Don’t Talk To Kristen Bell About “Balance”

The actor speaks to the art of just doing your best.

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kristen bell mental health

While many exalt the concept of “life balance,” the idea of successfully prioritizing your time at work and home equally, as a sort of finish line or ideal target to reach for daily, Kristen Bell isn’t buying it. In fact, the actor and mental health advocate says she sees the buzzy term as a “four-letter word” — which one, she doesn’t specify. But you get the gist.

“It's so triggering to me sometimes because there's always going to be a give and take,” she says to me on set of her new commercial for wellness platform Hers. “There's always going to be a shift. I have 100% of a pie, and if I'm giving 50% here, that only leaves 50%. But I try to keep in mind that my value as a human being is not dictated by what projects I'm booking or my television and film career. It is sort of dictated by how my friends and family interact with me and so I try to do my best work while I'm at work and then go home and really refuel myself as a real human being with my friends and my family and my job as a wife and a mother.”

Bell’s relatability and now renowned infectious charm has a way of making even the most complex and uncomfortable subject matter palatable and approachable. Which is likely why Hers selected the actor to be its first Mental Health Ambassador.

Also, Bell has been unapologetically vocal about her own experiences with depression and anxiety over the years. In unpacking the latter with TZR, she describes her anxiousness as “tricky,” manifesting in intrusive thoughts that sneak quietly into her brain. “She comes out in a lot of different ways and sometimes she's just hiding, and I don't know she's there for a while, but there are these seeds of thought that I have to nip in the bud right when they start,” says Bell. “One of them is imposter syndrome that I have experienced many, many times before, and I'm sure a lot of people can relate to that. Just [thoughts like], I don't deserve to be here, I'm not good enough to be here...”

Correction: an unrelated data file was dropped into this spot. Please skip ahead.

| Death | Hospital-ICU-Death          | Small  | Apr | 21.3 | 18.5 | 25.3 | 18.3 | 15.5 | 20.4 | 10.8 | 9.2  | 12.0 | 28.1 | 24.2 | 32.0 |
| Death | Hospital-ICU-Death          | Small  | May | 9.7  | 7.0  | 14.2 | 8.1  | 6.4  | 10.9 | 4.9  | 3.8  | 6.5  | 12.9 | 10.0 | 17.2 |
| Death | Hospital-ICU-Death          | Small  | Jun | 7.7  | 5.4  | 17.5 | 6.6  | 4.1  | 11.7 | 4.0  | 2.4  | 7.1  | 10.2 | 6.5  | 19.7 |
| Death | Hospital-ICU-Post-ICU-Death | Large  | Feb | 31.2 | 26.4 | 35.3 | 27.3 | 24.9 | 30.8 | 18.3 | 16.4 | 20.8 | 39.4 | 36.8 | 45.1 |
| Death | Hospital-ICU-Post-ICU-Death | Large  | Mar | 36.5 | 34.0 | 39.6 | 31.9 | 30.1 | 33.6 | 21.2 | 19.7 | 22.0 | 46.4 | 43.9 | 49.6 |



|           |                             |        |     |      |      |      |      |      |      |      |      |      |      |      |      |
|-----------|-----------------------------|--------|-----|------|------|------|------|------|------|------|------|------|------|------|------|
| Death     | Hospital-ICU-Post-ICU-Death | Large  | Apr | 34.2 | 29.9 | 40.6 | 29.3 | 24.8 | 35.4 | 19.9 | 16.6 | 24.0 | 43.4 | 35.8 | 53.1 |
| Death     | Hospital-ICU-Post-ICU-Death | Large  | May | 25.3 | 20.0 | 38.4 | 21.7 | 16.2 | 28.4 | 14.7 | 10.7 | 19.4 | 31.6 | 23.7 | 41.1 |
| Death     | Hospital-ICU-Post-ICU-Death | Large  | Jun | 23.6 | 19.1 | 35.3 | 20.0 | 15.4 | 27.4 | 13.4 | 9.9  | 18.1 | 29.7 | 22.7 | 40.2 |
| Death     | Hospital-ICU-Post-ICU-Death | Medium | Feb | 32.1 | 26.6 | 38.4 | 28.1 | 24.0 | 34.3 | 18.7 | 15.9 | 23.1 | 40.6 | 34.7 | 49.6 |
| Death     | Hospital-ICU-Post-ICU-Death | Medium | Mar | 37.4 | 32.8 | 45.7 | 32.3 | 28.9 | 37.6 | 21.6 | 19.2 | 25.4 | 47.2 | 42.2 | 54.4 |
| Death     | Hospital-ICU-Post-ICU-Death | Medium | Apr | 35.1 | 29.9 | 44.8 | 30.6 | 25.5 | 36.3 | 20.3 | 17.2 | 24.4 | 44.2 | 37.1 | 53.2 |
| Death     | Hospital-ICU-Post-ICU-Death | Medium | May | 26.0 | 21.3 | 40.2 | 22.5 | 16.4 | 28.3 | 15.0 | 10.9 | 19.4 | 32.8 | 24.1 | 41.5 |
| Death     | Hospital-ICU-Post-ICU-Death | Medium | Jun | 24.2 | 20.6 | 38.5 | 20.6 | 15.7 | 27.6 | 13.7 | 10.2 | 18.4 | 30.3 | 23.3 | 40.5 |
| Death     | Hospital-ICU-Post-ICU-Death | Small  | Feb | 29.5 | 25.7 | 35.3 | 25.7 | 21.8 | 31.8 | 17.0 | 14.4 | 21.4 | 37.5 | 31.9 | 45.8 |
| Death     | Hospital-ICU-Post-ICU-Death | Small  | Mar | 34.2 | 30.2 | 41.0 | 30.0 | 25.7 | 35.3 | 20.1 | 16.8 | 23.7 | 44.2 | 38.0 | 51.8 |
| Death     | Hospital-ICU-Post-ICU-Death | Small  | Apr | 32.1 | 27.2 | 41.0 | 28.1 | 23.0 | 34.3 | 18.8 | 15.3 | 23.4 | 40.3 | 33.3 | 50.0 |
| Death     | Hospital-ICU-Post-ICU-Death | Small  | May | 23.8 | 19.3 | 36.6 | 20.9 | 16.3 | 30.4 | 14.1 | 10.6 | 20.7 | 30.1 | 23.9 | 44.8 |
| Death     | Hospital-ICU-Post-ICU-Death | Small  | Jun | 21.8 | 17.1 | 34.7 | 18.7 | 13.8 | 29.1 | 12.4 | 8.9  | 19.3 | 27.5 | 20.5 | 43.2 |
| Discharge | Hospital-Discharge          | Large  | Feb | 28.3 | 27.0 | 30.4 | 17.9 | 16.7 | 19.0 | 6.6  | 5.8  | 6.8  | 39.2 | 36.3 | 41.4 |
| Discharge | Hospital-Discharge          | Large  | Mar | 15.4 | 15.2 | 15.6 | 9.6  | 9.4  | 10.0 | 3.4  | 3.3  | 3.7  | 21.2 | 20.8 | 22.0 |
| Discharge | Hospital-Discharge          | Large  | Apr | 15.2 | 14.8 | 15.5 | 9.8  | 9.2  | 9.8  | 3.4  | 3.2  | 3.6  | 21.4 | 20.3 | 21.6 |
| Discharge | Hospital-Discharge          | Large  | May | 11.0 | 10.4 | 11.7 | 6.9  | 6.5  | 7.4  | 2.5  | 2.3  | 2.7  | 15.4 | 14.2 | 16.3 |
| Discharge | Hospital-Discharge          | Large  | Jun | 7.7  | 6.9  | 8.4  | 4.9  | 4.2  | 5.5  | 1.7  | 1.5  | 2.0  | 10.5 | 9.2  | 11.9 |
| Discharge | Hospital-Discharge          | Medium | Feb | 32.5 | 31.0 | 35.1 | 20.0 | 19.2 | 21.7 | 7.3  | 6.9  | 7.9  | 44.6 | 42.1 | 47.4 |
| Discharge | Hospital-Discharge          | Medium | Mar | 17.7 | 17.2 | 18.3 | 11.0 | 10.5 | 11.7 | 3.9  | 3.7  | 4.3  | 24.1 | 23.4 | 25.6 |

At the start of her acting journey, Bell recalls anxiety around navigating a burgeoning career sans road map or template to follow. She describes herself in those early days as a “ball of insecurity,” evaluating her self based on the roles she got and who she was in the industry. “I would often feel less than or have a voice that told me I was less than,” she says. And one might think that this type of thinking and behavior could dissipate in time, especially for an established actor like Bell, who has since cultivated a lucrative film and TV career over the years. But, if anything, success can raise the stakes in a way that fans the flames of imposter syndrome even more.

“I try to remind myself that I know I'm no better than anyone else,” says Bell. “I just happen to be the one that stumbled into the opportunities that led me here, and that forces me into a much more grateful perspective. So when I'm feeling like an imposter, I kind of have to throw my hands up in the air and go, Well, you may be an imposter, but that's sort of irrelevant. You're here. How can I be responsible with my opportunities? And at that point, I try to turn down the negative thoughts, put my head down, and earn the work that I've been given.”